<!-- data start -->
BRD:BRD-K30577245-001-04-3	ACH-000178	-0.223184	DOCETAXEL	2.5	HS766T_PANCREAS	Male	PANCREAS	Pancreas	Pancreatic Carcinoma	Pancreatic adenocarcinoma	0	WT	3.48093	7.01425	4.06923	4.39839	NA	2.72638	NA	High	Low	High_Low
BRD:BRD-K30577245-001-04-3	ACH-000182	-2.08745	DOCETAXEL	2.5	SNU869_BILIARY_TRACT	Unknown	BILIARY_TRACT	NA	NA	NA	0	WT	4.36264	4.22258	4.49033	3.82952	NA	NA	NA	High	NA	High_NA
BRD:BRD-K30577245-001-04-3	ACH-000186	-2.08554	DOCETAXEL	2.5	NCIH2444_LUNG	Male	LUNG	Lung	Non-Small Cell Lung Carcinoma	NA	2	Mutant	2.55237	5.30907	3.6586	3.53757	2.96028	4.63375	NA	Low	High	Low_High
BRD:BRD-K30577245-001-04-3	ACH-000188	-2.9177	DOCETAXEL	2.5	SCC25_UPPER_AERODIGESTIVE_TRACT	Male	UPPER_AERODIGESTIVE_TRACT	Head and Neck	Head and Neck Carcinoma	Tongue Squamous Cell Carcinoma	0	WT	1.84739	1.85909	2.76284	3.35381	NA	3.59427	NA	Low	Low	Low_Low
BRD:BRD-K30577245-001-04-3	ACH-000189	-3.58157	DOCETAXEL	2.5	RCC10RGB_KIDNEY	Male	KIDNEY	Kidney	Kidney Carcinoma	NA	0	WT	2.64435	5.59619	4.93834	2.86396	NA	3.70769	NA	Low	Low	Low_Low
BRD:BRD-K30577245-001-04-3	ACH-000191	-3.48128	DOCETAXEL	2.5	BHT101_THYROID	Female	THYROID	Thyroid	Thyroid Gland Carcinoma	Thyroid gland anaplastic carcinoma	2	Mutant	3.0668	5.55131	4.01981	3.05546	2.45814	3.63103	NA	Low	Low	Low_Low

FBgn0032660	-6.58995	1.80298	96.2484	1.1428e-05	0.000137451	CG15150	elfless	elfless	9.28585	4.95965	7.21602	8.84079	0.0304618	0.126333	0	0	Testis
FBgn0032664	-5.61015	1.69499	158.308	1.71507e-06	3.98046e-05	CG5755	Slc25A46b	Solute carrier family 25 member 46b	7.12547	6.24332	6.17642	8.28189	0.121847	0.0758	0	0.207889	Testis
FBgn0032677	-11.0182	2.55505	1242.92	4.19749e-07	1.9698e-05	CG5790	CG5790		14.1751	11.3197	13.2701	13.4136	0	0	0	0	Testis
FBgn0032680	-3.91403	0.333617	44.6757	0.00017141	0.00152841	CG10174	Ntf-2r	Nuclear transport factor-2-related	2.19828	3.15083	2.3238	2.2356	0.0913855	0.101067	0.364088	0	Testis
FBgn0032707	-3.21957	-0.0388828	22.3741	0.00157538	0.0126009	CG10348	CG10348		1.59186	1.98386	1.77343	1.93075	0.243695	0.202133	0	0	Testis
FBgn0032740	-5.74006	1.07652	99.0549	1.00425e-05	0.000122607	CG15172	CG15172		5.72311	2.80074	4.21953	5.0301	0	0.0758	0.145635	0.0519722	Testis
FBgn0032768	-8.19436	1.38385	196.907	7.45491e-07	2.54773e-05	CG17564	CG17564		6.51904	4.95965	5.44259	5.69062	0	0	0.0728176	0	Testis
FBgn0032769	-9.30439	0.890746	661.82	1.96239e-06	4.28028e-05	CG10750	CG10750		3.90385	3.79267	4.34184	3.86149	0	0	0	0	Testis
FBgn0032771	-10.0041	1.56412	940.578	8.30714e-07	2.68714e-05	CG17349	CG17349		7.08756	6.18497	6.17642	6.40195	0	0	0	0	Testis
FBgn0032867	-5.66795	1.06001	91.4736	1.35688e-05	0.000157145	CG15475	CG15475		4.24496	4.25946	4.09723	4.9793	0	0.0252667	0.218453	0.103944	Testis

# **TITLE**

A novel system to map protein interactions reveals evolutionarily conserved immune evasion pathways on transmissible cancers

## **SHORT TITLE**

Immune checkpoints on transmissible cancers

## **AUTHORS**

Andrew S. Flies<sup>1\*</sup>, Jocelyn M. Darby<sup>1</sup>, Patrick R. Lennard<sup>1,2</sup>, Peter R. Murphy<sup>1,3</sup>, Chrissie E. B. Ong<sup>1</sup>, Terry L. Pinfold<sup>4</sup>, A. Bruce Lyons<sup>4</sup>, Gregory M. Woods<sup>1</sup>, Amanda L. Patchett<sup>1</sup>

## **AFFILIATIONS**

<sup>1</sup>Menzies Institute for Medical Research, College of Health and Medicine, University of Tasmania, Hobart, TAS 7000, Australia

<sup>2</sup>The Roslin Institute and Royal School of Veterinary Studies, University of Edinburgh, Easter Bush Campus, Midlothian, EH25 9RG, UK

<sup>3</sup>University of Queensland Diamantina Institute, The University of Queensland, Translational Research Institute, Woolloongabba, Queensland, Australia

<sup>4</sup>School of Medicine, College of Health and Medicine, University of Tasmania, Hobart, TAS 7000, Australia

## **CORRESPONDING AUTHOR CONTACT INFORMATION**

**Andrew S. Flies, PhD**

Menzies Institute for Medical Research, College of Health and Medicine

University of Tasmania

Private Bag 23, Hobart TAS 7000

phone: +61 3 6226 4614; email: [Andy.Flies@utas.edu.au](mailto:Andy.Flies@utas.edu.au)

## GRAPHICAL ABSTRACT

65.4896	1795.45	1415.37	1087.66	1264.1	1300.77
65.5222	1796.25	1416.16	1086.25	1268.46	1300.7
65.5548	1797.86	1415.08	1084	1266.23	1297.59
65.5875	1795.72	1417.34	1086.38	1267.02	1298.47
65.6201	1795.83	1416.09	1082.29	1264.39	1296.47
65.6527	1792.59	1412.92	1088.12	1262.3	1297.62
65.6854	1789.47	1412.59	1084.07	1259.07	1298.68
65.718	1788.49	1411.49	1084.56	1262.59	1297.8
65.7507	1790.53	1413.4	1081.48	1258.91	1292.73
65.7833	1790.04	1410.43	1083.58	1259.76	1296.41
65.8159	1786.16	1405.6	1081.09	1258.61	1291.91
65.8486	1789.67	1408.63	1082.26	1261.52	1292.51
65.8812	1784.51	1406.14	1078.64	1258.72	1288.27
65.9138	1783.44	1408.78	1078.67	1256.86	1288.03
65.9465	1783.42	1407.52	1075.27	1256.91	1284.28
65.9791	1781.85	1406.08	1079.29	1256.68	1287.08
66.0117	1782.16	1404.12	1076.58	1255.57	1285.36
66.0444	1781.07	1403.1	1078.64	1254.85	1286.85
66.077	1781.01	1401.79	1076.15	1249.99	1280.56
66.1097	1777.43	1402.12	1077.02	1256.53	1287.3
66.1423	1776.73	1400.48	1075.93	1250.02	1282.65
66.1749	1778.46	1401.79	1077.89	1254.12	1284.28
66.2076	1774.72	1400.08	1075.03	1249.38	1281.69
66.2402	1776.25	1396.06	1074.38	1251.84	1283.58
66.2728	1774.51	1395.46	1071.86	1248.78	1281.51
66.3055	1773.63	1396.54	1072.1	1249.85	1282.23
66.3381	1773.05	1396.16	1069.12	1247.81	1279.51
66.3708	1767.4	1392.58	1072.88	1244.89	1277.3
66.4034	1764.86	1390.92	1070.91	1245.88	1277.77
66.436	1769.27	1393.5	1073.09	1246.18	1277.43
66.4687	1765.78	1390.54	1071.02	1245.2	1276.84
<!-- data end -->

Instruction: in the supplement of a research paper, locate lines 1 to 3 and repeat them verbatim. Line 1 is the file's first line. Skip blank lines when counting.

BRD:BRD-K30577245-001-04-3	ACH-000178	-0.223184	DOCETAXEL	2.5	HS766T_PANCREAS	Male	PANCREAS	Pancreas	Pancreatic Carcinoma	Pancreatic adenocarcinoma	0	WT	3.48093	7.01425	4.06923	4.39839	NA	2.72638	NA	High	Low	High_Low
BRD:BRD-K30577245-001-04-3	ACH-000182	-2.08745	DOCETAXEL	2.5	SNU869_BILIARY_TRACT	Unknown	BILIARY_TRACT	NA	NA	NA	0	WT	4.36264	4.22258	4.49033	3.82952	NA	NA	NA	High	NA	High_NA
BRD:BRD-K30577245-001-04-3	ACH-000186	-2.08554	DOCETAXEL	2.5	NCIH2444_LUNG	Male	LUNG	Lung	Non-Small Cell Lung Carcinoma	NA	2	Mutant	2.55237	5.30907	3.6586	3.53757	2.96028	4.63375	NA	Low	High	Low_High